Talk to Him
And They All Sang: Adventures of an Eclectic Disc Jockey
The New Press
Halfway through And They All Sang: Adventures of an Eclectic Disc Jockey, a book of oral histories collected by Pulitzer Prize-winning author Studs Terkel, composer Leonard Bernstein starts complaining. He talks about the "good old days" of Italian opera, when a Puccini or Verdi premiere would be "the talk of every breakfast, lunch, and dinner for the next several weeks." "That doesn't happen much anymore," he tells Terkel. "The new works don't seem to cause any anticipation, and very few of them cause any aftermath of excitement." Terkel agrees. "Today, it's much more of a 'what's this guy gonna do?...show me.'" In pop terms, they're talking about pogoing versus standing with arms crossed, lazily ashing a cigarette. As a certain grungy boy once sang, "Here we are now/Entertain us."
Studs Terkel is 94 years old and an open-heart surgery survivor, so he's not much for moshing. But if he could, he'd definitely be one of the pogo-ers. He genuinely respects his interviewees, knows and admires their work, and asks questions with humor, tact, and a razored intellect. Anyone can corner a pop tartlette into lipsticked gossip, but Terkel talks Greek mythology with guitar virtuosos and childbirth with opera singers. Two paragraphs later, they'll dive back into Bach or Billie (Holiday, of course. "I listen to her a lot," admits Janis Joplin, "but I don't have any of her subtlety").
And They All Sang is Terkel's 12th collection of personal narrative. His works are diverse in subject—the city of Chicago, race, World War II, death—but similar in structure. Each time, he simply sits down with his subject and has a conversation. Some interviews are printed as straight Q&A, while others are woven into monologue or historical context.
As paradoxical as this might sound, Terkel's greatest talent is his invisibility. His questions dig but don't trap, and he never censors or belittles. For example, instead of asking gospel singer Mahalia Jackson directly about racism, he asks her about the time she spent wet-nursing for white mothers in New Orleans. "I nursed little Jimmy like he was my own," she tells Terkel. "Do you think he was in that mob that threw rocks at Dr. King?" he asks. The anecdote cuts deeper than any dictionary definition, and Terkel prints it unembellished. (Today, few critics still use this technique, and Rolling Stone's Anthony DeCurtis, who wrote this book's foreword, isn't one of them. I would have preferred to read Ann Powers, Elijah Wald, or Jason Gross, all of whom are a bit more Terkelesque in their journalism.)
There are 44 interviews in And They All Sang, ranging from avant-garde composers and five-foot tall divas to a 22-year-old Bob Dylan. Given mid-century gender politics, the male/female ratio is surprisingly even, especially if you count the number of times Pete Seeger talks about the shape of his mother's hands.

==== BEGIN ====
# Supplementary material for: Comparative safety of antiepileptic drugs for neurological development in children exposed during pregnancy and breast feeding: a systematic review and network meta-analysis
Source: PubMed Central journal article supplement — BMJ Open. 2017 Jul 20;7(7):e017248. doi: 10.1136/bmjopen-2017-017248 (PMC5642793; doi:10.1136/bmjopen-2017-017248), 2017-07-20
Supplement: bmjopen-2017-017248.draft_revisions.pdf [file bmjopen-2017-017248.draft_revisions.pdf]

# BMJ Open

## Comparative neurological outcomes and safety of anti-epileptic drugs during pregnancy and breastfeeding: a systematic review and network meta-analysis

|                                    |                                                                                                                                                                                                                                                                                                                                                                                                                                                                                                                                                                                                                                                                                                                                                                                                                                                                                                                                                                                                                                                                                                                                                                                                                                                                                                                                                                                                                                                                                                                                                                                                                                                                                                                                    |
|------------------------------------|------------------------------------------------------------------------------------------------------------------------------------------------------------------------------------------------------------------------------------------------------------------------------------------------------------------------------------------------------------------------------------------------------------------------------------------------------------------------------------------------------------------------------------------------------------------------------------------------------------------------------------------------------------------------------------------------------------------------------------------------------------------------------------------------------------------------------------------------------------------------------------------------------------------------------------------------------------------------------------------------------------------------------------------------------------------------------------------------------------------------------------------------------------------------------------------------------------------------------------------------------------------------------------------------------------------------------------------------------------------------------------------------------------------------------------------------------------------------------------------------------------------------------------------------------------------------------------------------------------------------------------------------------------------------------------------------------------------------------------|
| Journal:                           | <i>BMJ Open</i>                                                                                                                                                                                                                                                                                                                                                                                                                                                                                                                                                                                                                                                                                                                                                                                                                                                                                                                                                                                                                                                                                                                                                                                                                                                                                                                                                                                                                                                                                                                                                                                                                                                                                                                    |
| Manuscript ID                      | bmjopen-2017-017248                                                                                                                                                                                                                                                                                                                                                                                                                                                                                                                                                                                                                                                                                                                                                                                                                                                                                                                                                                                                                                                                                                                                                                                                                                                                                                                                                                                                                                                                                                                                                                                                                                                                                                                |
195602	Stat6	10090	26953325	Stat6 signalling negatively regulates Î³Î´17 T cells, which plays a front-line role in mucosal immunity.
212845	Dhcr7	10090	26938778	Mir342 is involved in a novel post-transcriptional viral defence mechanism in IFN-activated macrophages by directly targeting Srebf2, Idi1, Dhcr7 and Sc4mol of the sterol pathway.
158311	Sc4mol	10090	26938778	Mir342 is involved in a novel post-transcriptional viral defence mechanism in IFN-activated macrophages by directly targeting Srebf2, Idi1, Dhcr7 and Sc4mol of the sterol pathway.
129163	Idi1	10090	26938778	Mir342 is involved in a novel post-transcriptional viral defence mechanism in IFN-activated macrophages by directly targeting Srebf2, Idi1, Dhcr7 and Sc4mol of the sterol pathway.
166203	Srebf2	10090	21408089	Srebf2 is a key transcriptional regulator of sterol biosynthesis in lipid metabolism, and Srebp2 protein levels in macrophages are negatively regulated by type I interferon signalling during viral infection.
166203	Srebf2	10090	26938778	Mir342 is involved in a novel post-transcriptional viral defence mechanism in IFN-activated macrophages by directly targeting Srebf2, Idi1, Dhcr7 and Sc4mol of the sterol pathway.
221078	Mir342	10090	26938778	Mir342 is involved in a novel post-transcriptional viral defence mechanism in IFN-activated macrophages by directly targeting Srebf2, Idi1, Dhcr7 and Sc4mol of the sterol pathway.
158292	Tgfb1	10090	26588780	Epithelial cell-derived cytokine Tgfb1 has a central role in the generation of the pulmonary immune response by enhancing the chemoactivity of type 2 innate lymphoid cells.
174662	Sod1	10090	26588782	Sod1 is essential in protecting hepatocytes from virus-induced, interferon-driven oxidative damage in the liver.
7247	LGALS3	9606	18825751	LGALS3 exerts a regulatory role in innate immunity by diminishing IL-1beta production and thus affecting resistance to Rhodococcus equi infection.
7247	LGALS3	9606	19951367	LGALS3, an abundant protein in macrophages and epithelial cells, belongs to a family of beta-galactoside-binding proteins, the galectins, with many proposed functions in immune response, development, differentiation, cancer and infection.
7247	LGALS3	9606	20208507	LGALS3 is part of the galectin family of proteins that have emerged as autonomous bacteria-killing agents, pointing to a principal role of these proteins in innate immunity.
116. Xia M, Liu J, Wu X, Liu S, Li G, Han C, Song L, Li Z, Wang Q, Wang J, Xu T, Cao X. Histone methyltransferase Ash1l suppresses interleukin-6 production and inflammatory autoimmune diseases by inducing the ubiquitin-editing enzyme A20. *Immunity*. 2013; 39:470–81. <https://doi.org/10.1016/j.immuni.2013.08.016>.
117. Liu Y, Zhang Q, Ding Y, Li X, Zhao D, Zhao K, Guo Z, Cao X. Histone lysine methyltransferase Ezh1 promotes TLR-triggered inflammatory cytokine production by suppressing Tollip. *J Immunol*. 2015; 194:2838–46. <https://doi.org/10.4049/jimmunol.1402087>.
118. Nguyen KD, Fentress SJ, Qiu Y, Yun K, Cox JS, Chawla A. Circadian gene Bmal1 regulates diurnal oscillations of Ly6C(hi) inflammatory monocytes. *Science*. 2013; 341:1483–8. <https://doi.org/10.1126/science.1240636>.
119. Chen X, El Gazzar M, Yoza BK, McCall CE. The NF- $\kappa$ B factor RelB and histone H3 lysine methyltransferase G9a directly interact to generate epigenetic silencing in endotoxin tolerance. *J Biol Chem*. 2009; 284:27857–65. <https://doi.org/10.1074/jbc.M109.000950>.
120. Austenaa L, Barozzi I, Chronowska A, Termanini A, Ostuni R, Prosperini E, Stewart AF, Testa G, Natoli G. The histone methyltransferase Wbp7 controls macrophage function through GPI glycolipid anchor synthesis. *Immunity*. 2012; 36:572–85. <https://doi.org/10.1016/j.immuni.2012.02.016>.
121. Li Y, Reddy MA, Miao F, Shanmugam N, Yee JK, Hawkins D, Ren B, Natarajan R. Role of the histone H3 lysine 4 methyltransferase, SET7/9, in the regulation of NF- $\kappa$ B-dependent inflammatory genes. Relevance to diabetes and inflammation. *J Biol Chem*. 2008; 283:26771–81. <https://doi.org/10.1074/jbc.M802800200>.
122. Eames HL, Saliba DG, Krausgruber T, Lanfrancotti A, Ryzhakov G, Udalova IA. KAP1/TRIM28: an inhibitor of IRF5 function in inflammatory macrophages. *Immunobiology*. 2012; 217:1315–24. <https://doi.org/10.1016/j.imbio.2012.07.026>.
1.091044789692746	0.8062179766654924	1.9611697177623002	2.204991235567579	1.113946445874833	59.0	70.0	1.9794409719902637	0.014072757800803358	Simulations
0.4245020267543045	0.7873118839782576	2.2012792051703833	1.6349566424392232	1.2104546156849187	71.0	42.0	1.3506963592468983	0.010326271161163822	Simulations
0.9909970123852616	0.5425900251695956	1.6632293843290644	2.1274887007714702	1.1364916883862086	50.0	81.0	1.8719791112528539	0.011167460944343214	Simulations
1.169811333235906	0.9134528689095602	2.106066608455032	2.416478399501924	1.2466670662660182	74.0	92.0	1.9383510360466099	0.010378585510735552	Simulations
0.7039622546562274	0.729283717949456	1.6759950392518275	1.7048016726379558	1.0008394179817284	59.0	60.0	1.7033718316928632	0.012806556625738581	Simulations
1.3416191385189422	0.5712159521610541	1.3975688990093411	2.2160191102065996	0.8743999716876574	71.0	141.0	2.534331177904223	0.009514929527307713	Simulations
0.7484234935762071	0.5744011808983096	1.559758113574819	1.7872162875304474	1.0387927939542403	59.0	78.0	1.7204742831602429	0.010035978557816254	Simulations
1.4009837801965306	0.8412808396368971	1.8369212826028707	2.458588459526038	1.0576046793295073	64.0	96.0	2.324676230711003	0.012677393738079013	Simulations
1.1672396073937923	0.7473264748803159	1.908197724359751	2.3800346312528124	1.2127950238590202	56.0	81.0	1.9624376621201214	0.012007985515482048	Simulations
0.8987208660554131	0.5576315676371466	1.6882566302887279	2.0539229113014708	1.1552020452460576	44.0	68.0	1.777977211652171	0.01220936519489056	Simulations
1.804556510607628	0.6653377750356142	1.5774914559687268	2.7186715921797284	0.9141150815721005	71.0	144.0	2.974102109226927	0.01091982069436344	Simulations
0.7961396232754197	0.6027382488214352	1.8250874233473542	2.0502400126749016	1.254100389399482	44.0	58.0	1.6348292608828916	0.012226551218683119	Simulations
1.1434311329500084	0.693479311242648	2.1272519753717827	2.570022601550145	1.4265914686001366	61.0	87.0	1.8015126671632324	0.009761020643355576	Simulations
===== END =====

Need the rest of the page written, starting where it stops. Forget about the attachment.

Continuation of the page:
Because And They All Sang contains interviews from throughout Terkel's career, it lacks the temporal and stylistic cohesion of his other books. However, this lets the reader watch him mature into critical sainthood, and it also gives a bird's-eye view of 20th-century music. Certain sections are like Wikipedia Gold, stuffed with names worth Googling: Robert Gover, Marc Blitzstein, Maxwell Perkins. There are some dated entries (Ravi Shankar, explaining namaste long before Gwen Stefani did the blue hair and bindi thang) and also a few ageist barbs.For example, the jacket claims that And They All Sang will "strike a chord with any music fan old enough to have replaced a record needle." Now, I'm no older than Dylan was, but I have at least one friend who refused a non-air-conditioned apartment because he was afraid that all his vinyl would melt. But there's not as much handwringing as you might think. Sure, several grayhairs mewl over the children! And their music! But Terkel's a historian, not a rockist, so he'll talk pop with one and opera with another, all sans snoot or snark. Sure, he has his favorite questions— those about childhood and the working class, mostly—but as Bernstein also said, "you can't be stuck enough on [the working class problem], because of the problem and the immensity of it."
Interestingly, Terkel started his writing career while DJing at WENR Chicago, roundabout 1944. His show, The Wax Museum, featured everyone from Caruso to Guthrie, and when everyone from truck drivers to society women responded favorably, Terkel started playing less music and asking more questions. In that sense, And They All Sang is a turning-in and holding-on: a bookending of a career. But it's a giving-back, too.
One night in Chicago, I asked the Constantines' Bry Webb about the inspiration behind his latest album, Tournament of Hearts. I expected the usual replies: Springsteen, a breakup, junior high. Instead, Webb looked me in the eye and answered straightaway. "Well," he said, "I've been reading a lot of Studs Terkel."
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